HOUSTON CRABB 001  Last summer, Women in Film & Television (Houston) and the Texas Motion Picture Alliance (TXMPA) invited me to give a presentation on the expanding roles of a location manager. As a native Texan who worked there for almost 20 years in the media business, I was happy to return. This three-city lecture series provided me with the chance  to revisit Austin, Dallas and Houston – three different views of a vast state.  Texas is over 800 miles from El Paso to Houston, and.  Here is just a snapshot of what the state offers.

Houston – Space City – Bayou City – My HometownHOUSTON CRABB 007

Going back to my hometown was bittersweet. Old haunts of great restaurants, clubs and places you went as kid are faded, regenerated or torn down. Despite it being hotter than Hades, Houston Film Commission Deputy Director, Alfred Cervantes, took location scout, Ellen Warren, and myself scouting for a couple of days. We toured my old favorite spots and some great new ones. The newest twist was scouting via the Houston B-Cycle, a public bike share program for downtown. Every sixty minutes you drop the bike at a rack and switch to another one.

Houston, the fourth largest city in the nation in population, is green and has great roads with city landscapes, old 1900 buildings mixed in with Philip Johnson designed high rises. The Downtown has state of the art Metro trains; in minutes you can be across town to the Minute Maid Park, home of the Astros, and then be in what looks like the rural South.

Dallas – Big D

DALLAS CRABB 003I scouted Dallas with Susan Fowler, TXMPA president, and local LMGA Location Manager, Kim Davis, LMGA as my guides. I was given an insider’s look into this prosperous old money town.

Dallas has its brick buildings and modern, graphic skyscrapers, old bridges are flanked by new ones: a hodge podge of history and present day. Hotels like The Belmont, a 1940’s top-notch motor court, contrasts with the Omni Hotel overlooking the city – both hotels  illustrate the dynamic backdrops Dallas poses. Fair Park, with the largest collection of 1930’s Art Deco architecture in the US,  is a National Historic Landmark. Fairpark is home to the only 1950’s unaltered World’s Fair site in the nation.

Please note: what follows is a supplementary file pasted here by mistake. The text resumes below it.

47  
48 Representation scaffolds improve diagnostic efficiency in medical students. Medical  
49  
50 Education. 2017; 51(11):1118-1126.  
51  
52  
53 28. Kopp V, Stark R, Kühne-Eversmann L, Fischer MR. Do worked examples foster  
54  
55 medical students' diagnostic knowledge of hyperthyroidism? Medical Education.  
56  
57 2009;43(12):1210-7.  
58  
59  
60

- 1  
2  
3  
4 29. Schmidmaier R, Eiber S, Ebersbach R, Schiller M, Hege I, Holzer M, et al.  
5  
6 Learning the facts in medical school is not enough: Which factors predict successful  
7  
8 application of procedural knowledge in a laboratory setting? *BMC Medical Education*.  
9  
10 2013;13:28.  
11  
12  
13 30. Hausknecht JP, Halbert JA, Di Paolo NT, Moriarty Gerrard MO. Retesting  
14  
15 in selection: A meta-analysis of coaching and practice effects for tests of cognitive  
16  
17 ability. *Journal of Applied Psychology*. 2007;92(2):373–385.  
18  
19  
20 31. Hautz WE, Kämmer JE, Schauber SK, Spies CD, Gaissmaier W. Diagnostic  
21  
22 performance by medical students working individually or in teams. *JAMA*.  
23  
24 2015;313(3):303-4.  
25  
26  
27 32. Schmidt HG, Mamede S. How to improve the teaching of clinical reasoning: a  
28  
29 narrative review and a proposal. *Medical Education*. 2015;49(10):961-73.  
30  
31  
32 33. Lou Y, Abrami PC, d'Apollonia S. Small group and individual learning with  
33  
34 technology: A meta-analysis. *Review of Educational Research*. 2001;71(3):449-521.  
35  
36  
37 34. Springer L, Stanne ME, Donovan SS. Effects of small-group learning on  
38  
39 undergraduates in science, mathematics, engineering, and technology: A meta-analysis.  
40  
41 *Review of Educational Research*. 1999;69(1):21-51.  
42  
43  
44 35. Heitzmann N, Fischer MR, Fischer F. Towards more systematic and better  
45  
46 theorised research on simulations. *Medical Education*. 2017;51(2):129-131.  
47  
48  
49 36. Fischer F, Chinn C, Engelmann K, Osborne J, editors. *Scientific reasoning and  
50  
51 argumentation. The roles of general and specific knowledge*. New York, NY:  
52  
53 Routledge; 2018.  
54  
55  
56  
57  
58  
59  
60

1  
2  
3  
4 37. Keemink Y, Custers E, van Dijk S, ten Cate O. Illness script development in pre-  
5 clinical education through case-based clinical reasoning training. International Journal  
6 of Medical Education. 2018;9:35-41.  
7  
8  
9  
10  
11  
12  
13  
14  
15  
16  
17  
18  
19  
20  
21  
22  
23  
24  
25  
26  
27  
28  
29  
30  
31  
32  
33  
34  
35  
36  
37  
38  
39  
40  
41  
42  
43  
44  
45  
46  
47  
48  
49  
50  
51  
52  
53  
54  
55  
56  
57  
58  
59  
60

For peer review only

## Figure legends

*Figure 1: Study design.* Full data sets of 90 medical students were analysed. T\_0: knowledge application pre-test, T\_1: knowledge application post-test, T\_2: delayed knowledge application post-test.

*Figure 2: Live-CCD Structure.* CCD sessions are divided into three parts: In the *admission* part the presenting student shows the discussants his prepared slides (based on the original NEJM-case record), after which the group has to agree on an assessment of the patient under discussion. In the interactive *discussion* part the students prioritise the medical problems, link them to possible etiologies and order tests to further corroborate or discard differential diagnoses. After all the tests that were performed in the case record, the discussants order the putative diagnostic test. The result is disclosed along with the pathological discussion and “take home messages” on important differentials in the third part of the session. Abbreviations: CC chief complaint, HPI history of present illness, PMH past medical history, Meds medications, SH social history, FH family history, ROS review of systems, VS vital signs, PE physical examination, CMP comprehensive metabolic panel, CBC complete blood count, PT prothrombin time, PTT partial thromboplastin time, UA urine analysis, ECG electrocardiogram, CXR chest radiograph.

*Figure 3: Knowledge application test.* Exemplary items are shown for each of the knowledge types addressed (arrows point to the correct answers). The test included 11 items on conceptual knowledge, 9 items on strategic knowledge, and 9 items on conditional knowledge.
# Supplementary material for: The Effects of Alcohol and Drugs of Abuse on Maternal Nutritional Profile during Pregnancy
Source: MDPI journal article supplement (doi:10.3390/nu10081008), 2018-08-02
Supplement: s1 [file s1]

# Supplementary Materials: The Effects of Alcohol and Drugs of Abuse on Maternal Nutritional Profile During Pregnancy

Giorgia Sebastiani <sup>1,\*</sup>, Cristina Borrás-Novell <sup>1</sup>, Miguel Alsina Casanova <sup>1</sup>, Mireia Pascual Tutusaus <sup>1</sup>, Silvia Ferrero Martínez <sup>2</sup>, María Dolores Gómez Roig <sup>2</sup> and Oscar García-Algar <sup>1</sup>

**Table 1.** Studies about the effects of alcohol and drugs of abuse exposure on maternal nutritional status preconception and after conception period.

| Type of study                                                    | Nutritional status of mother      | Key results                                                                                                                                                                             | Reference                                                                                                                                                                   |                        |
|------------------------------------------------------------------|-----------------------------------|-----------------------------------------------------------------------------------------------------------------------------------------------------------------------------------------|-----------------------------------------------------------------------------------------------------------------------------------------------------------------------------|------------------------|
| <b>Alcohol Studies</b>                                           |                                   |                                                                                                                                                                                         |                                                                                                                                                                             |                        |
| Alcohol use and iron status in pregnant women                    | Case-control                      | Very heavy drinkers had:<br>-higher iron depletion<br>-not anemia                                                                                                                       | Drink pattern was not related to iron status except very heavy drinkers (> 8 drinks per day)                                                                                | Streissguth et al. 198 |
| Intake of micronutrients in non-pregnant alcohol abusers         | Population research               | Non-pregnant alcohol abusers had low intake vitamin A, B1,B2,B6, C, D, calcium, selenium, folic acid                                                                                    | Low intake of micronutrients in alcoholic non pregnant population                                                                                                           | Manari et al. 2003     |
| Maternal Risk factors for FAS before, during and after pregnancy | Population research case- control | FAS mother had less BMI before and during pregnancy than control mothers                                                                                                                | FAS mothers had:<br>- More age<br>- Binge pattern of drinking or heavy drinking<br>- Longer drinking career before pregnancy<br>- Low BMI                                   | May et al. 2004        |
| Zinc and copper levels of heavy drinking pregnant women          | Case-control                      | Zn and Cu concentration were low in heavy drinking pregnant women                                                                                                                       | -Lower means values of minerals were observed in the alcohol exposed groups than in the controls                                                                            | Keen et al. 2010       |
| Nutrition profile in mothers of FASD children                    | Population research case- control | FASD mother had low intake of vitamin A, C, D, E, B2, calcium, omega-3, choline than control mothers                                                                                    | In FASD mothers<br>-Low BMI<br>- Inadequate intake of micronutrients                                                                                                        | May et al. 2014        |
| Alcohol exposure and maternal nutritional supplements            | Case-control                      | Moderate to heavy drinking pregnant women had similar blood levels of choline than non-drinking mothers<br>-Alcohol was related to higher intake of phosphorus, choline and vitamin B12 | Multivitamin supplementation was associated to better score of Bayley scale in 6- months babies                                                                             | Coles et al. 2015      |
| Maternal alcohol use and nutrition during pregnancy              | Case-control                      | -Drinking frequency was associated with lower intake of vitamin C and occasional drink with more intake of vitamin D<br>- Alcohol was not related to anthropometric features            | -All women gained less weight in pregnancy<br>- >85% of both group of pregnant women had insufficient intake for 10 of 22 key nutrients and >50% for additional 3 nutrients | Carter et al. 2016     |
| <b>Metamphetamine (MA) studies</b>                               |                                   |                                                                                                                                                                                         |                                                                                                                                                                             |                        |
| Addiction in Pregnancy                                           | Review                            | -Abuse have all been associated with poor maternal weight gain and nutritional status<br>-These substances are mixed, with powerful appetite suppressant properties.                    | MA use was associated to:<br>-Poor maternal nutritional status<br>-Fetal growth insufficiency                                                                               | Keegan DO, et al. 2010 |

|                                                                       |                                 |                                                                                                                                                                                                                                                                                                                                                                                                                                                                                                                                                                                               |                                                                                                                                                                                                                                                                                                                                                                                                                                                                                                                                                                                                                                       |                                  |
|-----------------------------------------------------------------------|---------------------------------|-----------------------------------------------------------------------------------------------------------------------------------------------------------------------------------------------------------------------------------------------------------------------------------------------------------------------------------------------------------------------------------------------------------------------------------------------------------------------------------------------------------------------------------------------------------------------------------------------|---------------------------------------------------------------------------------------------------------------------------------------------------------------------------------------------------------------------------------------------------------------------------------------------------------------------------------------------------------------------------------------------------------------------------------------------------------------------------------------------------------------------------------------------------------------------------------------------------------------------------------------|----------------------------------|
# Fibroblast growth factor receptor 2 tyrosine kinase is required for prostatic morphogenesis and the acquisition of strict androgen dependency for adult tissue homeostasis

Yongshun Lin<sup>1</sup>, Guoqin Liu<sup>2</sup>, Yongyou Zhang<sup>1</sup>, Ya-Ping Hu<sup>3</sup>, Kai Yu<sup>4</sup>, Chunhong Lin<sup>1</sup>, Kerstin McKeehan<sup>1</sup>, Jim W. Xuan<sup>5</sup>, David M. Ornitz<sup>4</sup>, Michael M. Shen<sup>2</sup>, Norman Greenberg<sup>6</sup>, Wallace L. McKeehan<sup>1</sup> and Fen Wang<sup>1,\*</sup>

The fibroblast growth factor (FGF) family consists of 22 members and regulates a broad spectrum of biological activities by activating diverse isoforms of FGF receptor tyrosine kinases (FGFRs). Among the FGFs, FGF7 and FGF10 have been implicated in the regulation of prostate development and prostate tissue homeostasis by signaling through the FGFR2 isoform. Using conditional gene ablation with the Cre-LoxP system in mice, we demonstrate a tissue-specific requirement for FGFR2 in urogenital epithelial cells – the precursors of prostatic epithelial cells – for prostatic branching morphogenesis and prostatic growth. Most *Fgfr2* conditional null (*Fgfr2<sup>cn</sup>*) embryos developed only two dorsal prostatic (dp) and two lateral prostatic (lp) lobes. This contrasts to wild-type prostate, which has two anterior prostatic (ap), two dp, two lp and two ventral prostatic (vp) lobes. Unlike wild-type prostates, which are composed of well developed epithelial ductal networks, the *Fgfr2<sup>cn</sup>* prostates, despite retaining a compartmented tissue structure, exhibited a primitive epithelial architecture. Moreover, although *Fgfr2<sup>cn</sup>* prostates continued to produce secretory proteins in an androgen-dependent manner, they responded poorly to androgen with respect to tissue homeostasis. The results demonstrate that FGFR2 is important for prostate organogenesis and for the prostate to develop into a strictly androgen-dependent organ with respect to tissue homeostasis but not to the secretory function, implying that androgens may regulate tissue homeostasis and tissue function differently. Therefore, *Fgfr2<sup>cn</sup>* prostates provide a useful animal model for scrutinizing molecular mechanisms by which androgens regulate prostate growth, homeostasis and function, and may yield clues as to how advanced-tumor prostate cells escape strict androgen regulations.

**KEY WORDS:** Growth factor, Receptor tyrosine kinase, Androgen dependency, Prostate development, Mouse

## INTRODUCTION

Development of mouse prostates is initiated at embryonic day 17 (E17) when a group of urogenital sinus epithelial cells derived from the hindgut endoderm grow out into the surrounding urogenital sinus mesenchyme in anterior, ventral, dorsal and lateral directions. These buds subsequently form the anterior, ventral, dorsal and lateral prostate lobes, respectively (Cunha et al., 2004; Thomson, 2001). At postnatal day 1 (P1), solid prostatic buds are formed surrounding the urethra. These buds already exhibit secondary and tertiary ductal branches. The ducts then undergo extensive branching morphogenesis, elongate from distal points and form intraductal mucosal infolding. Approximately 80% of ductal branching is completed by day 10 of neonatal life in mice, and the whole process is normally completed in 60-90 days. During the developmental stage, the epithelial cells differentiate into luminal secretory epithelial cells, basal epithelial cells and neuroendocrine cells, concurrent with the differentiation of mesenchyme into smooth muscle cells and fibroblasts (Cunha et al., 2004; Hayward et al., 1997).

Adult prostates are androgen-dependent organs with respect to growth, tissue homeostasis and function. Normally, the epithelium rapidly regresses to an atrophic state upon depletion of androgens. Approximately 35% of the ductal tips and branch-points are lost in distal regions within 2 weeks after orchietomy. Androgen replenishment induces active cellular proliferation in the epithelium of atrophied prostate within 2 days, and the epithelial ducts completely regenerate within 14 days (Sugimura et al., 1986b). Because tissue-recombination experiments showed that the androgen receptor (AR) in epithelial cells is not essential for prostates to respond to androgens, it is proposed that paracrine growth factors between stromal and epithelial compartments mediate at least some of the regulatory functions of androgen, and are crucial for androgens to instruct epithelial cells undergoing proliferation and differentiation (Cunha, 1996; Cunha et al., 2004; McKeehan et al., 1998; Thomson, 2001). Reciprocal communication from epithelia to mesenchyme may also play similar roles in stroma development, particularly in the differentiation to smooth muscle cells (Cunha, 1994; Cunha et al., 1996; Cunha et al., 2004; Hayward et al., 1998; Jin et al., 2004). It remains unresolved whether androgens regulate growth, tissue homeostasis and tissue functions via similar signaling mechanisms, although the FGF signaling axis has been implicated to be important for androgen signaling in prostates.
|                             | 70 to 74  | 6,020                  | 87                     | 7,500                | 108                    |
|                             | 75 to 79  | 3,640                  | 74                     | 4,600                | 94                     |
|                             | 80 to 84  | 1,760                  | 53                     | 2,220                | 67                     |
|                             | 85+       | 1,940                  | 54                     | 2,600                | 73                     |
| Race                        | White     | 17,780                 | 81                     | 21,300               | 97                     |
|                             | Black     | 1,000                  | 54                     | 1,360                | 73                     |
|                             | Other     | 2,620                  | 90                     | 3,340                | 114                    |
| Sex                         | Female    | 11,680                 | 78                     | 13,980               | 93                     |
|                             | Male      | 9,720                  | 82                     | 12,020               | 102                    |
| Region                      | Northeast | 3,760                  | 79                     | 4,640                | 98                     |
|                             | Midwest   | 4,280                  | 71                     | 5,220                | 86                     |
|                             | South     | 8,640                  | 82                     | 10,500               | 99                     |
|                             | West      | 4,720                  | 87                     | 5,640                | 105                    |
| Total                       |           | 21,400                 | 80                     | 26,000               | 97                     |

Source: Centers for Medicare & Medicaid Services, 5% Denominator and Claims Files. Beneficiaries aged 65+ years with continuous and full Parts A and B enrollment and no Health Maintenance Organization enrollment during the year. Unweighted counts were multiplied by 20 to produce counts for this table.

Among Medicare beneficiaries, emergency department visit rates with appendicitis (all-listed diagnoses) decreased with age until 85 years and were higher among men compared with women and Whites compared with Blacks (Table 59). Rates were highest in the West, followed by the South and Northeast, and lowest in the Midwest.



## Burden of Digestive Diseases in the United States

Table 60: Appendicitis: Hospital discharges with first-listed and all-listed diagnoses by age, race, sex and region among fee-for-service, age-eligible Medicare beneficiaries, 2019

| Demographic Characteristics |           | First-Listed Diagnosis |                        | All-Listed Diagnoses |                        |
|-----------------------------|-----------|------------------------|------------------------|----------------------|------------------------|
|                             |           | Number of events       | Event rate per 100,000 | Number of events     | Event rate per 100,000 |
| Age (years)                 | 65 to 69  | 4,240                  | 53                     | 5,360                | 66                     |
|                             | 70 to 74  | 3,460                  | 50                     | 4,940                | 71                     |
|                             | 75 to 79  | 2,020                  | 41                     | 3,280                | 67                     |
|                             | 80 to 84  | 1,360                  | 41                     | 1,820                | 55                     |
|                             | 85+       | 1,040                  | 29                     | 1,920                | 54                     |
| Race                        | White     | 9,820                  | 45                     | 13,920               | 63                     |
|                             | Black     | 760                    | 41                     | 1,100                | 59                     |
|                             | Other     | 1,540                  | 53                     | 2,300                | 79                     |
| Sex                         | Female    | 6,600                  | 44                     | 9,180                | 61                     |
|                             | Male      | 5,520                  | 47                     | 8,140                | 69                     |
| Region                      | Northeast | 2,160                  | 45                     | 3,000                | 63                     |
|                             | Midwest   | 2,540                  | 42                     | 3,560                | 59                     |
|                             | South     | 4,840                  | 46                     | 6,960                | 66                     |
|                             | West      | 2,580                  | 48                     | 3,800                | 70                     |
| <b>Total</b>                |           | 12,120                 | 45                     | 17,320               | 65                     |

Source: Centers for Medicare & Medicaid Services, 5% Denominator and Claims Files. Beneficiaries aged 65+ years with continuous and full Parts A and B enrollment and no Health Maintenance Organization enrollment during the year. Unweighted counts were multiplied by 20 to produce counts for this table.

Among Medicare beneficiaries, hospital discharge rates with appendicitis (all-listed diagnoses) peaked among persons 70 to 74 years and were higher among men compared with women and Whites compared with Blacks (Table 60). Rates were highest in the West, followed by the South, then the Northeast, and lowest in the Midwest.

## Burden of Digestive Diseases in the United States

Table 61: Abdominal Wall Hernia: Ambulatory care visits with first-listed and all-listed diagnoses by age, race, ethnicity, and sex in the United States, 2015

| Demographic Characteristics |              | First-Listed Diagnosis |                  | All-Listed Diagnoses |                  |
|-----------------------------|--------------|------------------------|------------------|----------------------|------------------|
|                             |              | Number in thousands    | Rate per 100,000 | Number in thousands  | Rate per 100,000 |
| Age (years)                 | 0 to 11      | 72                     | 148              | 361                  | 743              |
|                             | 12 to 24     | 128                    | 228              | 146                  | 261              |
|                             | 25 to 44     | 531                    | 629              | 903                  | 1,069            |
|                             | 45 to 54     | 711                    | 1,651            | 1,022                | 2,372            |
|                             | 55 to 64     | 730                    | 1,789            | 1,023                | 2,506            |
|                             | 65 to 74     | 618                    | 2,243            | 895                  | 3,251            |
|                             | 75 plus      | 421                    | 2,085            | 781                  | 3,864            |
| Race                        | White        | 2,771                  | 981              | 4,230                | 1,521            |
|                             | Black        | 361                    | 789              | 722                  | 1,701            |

Sitting on 80 acres, Architect George Dahl oversaw the redesign of these buildings as part of the 1950s World’s Fair—over 80 acres of architectural history! Bart Weiss, founder of the Video Association and VideoFest, the oldest and largest video festival in the US believes that Dallas offers independent, alternative and non commercial media makers a place to make and show their works. There is a vibrant arts scene that hosts musicians, artists and filmmakers. Neighborhoods are keeping their small town feel, while others are full of mansions from old and new Texas money.

Austin – The Capital  – Keep Austin Weird

AUSTIN  001Austin is a city that also mixes the old and new. Full of free thinkers, artists, political advocates and ‘Silicon of the South types’, the steps of the Capital building still host daily  demonstrations and picketing.

Some of the streets look like 1950’s. Sixth Street is row after row of bars with live music and great food.  It’s a college town with University of Texas students everywhere, dogs swimming in Town Lake and people trying to stay cool in the Texas heat.

It’s a scene, but come hell or high water, Austinites love their river city – young and old mixed into one.  It also provides a variety of locations with Lake Austin minutes away to area small towns, and their old time townsquare, quaint shops, country roads and Texas hill country.

Host of the SXSW Music and Film Festival, Austin is a creative mecca for  filmmakers. The City of Austin leased an old airport to the Film Society of Austin, a nonprofit created by Richard Linklater in 1986. As a result, the production property has space for independent and studio projects. FSA has been one of the leaders in keeping independent filmmaking alive in Texas.

Texas is big in size and opportunity, all with great locales for the right story.  You can hang your hat on it!

Kim Crabb is a Los Angeles-based Location Manager.